Condensation on inside of windows

1993 side by side condo units, wooden foundation - thermal pane windows have allot of condensation on the inside of all of the windows, 1 window has condensation (on the home interior side) in the middle of the window. Home owner tells me the neighbor has the same issues with condensation. No humidifier in home.
Looking for possible causes of excessive moisture.

What is the moisture reading in the home .

**Go too **

Are there Drapes or curtains tight to wall /Ceiling /Floor stopping air movement allowing the windows to get too cold.

I like to see the humidity in our area below 50% in the winter .mine is 37% and windows are dry .
I have an auto Dehumidifier that comes on if it goes over 45% this seldom happens

High humidity inside.

no, static in air

low humidity

There has to be, otherwise there wouldn’t be condensation forming. Is it only in the colder months/winter?

Just had one like this the other day, and the ductwork was disconnected in the crawlspace, and there was staining gazebo water - try looking this direction

With no humidifier present, my next suspicion would be a disconnected dryer vent pipe or improperly terminated bathroom exhaust fan.

As everyone said, the humidity is too high. How much is enough? 50% rh is too high for a place with cold outside temperatures, and Iowa can be very cold.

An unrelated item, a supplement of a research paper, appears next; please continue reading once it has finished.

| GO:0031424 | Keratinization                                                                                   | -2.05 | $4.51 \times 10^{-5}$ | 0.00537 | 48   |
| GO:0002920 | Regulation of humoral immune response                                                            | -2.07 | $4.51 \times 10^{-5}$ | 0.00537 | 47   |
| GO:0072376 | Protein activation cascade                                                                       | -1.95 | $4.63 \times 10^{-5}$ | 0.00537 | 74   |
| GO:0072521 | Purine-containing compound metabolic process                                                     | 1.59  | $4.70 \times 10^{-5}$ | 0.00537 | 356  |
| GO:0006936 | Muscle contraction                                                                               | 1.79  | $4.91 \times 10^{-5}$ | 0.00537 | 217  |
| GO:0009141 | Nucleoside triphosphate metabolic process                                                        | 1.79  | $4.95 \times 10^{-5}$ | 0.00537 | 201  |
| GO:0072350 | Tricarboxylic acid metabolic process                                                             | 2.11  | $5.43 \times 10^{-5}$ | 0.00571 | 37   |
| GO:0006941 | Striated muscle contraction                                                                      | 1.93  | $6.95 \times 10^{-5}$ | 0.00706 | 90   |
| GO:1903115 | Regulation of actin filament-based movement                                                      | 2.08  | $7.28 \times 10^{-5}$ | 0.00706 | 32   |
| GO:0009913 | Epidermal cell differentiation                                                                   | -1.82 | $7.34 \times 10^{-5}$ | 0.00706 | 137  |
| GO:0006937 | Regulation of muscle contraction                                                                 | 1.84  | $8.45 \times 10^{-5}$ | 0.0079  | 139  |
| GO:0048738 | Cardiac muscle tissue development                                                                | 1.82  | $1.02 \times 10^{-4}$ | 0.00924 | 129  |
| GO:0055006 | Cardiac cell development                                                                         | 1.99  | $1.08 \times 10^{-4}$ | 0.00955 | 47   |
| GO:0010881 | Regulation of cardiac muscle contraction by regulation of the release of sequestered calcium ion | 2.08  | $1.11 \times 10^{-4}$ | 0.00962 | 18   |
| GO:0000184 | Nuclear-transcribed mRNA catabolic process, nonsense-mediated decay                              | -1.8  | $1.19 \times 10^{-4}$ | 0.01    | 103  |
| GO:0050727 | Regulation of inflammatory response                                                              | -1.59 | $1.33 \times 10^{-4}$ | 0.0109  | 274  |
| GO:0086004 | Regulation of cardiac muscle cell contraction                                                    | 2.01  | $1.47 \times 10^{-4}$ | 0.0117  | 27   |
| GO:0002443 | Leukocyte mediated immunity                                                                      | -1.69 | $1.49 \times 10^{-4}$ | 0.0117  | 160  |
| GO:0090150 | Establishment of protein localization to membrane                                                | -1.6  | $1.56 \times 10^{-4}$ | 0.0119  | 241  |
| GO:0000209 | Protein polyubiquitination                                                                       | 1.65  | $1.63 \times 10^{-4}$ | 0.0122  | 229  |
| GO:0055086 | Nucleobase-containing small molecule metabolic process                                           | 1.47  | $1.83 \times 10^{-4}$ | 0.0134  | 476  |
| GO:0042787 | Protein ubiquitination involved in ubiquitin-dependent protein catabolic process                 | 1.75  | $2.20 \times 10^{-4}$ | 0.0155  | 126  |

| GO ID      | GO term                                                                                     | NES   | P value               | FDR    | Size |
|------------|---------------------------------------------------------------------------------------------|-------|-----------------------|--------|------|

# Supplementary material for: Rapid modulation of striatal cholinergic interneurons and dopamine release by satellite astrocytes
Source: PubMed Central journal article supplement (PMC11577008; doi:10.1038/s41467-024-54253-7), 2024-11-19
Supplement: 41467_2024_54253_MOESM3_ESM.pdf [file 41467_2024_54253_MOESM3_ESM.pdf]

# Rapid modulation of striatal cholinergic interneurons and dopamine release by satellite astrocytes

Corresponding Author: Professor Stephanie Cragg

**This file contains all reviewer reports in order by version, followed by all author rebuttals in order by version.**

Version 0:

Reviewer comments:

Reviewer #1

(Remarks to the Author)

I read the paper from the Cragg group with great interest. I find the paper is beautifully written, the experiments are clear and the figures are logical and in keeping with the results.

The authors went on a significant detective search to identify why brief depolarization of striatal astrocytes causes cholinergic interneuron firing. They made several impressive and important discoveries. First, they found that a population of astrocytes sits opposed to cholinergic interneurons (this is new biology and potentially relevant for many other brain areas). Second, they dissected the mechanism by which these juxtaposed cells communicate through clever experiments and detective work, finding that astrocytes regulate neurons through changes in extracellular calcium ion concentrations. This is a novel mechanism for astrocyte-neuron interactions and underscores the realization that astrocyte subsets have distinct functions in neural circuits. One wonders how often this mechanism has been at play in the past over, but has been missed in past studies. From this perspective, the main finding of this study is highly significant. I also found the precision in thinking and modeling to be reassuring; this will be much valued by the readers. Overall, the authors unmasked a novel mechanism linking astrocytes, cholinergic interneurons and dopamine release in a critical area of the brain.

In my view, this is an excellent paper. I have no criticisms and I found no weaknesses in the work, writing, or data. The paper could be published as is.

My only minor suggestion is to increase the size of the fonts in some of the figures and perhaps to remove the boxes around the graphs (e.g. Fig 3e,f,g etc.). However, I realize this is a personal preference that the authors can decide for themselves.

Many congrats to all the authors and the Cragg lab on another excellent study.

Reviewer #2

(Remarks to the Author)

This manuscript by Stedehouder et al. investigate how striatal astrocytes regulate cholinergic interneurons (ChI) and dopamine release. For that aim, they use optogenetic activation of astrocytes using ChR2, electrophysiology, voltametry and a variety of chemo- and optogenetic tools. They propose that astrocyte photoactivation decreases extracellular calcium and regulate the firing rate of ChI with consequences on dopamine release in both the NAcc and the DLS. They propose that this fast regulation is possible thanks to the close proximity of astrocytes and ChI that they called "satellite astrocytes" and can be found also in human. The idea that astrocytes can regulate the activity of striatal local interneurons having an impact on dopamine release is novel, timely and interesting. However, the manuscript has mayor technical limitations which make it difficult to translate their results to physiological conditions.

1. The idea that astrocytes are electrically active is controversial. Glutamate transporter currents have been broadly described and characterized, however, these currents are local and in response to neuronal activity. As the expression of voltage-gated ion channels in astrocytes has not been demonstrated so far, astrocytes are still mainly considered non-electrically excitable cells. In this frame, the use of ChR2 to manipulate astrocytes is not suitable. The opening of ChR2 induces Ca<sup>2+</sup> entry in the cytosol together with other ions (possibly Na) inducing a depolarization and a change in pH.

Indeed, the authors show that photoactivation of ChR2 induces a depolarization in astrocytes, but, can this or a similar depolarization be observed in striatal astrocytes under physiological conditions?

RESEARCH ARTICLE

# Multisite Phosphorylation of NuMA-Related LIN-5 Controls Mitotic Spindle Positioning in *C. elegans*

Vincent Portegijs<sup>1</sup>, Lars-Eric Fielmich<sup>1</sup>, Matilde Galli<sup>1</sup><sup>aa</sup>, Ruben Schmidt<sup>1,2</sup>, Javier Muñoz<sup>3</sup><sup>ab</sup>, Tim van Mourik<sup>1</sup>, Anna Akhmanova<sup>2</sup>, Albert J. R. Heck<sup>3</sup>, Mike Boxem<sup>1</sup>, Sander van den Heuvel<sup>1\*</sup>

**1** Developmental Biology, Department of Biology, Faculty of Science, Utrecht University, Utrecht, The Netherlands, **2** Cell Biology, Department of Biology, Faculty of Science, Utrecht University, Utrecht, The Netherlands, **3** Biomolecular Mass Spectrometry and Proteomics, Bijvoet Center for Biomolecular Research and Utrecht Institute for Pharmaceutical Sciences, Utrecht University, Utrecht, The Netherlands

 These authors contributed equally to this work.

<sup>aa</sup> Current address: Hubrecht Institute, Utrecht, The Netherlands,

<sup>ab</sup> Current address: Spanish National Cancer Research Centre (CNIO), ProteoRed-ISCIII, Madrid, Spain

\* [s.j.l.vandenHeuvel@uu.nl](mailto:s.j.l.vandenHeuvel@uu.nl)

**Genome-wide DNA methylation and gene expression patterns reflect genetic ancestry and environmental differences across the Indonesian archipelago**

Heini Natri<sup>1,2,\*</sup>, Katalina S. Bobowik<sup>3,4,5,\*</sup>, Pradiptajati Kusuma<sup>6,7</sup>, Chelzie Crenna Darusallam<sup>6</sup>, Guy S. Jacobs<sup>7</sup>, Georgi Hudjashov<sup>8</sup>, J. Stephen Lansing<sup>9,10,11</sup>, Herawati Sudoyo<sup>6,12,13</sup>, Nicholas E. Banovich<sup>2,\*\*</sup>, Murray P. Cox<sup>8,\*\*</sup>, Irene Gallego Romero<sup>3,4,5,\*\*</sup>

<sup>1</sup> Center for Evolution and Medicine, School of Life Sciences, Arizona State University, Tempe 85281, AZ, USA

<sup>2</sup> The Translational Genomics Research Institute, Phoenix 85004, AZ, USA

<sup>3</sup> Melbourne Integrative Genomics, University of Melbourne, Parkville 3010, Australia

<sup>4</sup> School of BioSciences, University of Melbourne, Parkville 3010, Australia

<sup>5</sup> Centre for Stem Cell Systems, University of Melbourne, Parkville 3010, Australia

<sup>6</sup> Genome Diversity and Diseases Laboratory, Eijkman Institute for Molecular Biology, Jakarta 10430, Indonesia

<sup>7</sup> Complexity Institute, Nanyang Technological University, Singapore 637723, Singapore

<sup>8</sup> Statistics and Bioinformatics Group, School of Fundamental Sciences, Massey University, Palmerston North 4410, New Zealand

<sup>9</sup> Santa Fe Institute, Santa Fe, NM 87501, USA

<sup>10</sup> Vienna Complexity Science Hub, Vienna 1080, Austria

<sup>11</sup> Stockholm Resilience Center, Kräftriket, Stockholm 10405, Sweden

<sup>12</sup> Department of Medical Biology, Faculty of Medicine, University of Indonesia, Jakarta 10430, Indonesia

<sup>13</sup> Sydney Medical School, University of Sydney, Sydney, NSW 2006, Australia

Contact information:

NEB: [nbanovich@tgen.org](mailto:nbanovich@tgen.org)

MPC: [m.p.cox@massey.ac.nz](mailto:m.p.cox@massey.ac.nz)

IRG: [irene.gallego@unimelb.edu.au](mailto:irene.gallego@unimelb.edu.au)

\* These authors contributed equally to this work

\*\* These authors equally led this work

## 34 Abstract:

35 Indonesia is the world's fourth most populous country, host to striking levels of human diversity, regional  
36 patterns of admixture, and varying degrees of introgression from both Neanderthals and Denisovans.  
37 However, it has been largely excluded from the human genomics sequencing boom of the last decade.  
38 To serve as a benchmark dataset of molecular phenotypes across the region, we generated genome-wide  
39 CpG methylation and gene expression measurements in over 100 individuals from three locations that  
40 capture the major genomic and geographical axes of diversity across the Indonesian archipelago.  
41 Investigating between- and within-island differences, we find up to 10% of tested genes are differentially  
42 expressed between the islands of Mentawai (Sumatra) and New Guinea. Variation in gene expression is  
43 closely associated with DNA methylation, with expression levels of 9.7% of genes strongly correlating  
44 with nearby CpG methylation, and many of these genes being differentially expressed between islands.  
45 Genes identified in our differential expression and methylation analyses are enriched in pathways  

If indoor temp is 70 the dewpoint at 50% rh is about 55 F, which could well be the temperature of a typical double glazed windows if the outside temperature is near or below 0 F. Use this on line calculator to play with different temps and relative humidities. What is ideal will vary for location, I am in Edmonton where daily winter temperatures are close to 0 F, so I tell my clients to keep relative humidity below 30%, ideally near 20%.

Today the outside temperature at my house -9 C or 16F my windows are 14 C or 57 F my inside temp is 70 F and rh is 24, so I won’t see condensation in my house on anything that is above 40 F

If you slow down, I think he is talking about between panes of glass, not on the glass.
(but there is a chance he doesn’t know what he is talking about…)
That’s why he is here.

This is window defect.
Both residences have the same issue because they are the same windows.